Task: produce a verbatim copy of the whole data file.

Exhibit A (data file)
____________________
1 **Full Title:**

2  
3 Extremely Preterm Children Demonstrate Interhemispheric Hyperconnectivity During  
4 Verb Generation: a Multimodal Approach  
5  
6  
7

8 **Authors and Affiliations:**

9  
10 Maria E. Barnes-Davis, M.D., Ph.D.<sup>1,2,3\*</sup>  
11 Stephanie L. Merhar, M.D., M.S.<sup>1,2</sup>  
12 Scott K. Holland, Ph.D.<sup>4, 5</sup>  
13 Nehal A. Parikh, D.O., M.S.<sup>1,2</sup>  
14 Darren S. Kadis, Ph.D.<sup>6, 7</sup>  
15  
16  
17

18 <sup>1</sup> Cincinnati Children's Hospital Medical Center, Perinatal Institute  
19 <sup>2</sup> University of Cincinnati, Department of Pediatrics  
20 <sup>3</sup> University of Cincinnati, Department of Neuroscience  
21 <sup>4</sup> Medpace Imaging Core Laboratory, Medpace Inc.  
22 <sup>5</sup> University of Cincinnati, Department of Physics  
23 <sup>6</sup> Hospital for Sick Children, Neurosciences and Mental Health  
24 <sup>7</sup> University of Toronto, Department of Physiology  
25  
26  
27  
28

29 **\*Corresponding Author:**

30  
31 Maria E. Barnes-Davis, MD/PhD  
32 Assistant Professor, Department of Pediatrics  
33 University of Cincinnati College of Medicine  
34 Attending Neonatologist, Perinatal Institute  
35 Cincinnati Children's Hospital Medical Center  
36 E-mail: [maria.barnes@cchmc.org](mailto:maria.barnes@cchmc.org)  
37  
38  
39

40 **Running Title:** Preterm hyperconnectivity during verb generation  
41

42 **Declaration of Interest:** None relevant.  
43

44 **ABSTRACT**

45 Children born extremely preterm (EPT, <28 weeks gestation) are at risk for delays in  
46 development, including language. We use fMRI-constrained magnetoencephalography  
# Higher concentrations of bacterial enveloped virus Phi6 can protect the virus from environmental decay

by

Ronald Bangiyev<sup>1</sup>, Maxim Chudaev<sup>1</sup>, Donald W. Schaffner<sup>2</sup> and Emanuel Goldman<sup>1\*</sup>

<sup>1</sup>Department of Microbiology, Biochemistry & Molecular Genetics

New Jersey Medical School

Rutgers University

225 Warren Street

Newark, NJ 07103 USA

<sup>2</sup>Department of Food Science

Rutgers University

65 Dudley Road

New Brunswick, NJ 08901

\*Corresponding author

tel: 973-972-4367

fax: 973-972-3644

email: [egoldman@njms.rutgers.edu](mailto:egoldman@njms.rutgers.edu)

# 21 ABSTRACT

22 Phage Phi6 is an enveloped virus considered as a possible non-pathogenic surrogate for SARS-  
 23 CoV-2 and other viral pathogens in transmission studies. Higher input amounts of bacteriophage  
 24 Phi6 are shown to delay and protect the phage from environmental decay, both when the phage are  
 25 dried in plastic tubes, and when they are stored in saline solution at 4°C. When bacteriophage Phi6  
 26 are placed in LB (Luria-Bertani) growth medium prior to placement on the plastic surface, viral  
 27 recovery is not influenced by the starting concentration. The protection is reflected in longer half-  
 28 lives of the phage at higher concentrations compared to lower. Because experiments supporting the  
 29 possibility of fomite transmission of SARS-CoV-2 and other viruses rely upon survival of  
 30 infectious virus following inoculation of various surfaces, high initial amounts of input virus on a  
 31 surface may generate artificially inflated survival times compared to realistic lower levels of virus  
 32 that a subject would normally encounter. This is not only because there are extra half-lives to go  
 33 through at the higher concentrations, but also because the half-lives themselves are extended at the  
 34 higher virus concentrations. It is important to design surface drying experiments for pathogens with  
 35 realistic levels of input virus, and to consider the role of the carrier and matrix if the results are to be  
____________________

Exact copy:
1 **Full Title:**

2  
3 Extremely Preterm Children Demonstrate Interhemispheric Hyperconnectivity During  
4 Verb Generation: a Multimodal Approach  
5  
6  
7

8 **Authors and Affiliations:**

9  
10 Maria E. Barnes-Davis, M.D., Ph.D.<sup>1,2,3\*</sup>  
11 Stephanie L. Merhar, M.D., M.S.<sup>1,2</sup>  
12 Scott K. Holland, Ph.D.<sup>4, 5</sup>  
13 Nehal A. Parikh, D.O., M.S.<sup>1,2</sup>  
14 Darren S. Kadis, Ph.D.<sup>6, 7</sup>  
15  
16  
17

18 <sup>1</sup> Cincinnati Children's Hospital Medical Center, Perinatal Institute  
19 <sup>2</sup> University of Cincinnati, Department of Pediatrics  
20 <sup>3</sup> University of Cincinnati, Department of Neuroscience  
21 <sup>4</sup> Medpace Imaging Core Laboratory, Medpace Inc.  
22 <sup>5</sup> University of Cincinnati, Department of Physics  
23 <sup>6</sup> Hospital for Sick Children, Neurosciences and Mental Health  
24 <sup>7</sup> University of Toronto, Department of Physiology  
25  
26  
27  
28

29 **\*Corresponding Author:**

30  
31 Maria E. Barnes-Davis, MD/PhD  
32 Assistant Professor, Department of Pediatrics  
33 University of Cincinnati College of Medicine  
34 Attending Neonatologist, Perinatal Institute  
35 Cincinnati Children's Hospital Medical Center  
36 E-mail: [maria.barnes@cchmc.org](mailto:maria.barnes@cchmc.org)  
37  
38  
39

40 **Running Title:** Preterm hyperconnectivity during verb generation  
41

42 **Declaration of Interest:** None relevant.  
43

44 **ABSTRACT**

45 Children born extremely preterm (EPT, <28 weeks gestation) are at risk for delays in  
46 development, including language. We use fMRI-constrained magnetoencephalography  
# Higher concentrations of bacterial enveloped virus Phi6 can protect the virus from environmental decay

by

Ronald Bangiyev<sup>1</sup>, Maxim Chudaev<sup>1</sup>, Donald W. Schaffner<sup>2</sup> and Emanuel Goldman<sup>1\*</sup>

<sup>1</sup>Department of Microbiology, Biochemistry & Molecular Genetics

New Jersey Medical School

Rutgers University

225 Warren Street

Newark, NJ 07103 USA

<sup>2</sup>Department of Food Science

Rutgers University

65 Dudley Road

New Brunswick, NJ 08901

\*Corresponding author

tel: 973-972-4367

fax: 973-972-3644

email: [egoldman@njms.rutgers.edu](mailto:egoldman@njms.rutgers.edu)

# 21 ABSTRACT

22 Phage Phi6 is an enveloped virus considered as a possible non-pathogenic surrogate for SARS-  
 23 CoV-2 and other viral pathogens in transmission studies. Higher input amounts of bacteriophage  
 24 Phi6 are shown to delay and protect the phage from environmental decay, both when the phage are  
 25 dried in plastic tubes, and when they are stored in saline solution at 4°C. When bacteriophage Phi6  
 26 are placed in LB (Luria-Bertani) growth medium prior to placement on the plastic surface, viral  
 27 recovery is not influenced by the starting concentration. The protection is reflected in longer half-  
 28 lives of the phage at higher concentrations compared to lower. Because experiments supporting the  
 29 possibility of fomite transmission of SARS-CoV-2 and other viruses rely upon survival of  
 30 infectious virus following inoculation of various surfaces, high initial amounts of input virus on a  
 31 surface may generate artificially inflated survival times compared to realistic lower levels of virus  
 32 that a subject would normally encounter. This is not only because there are extra half-lives to go  
 33 through at the higher concentrations, but also because the half-lives themselves are extended at the  
 34 higher virus concentrations. It is important to design surface drying experiments for pathogens with  
 35 realistic levels of input virus, and to consider the role of the carrier and matrix if the results are to be  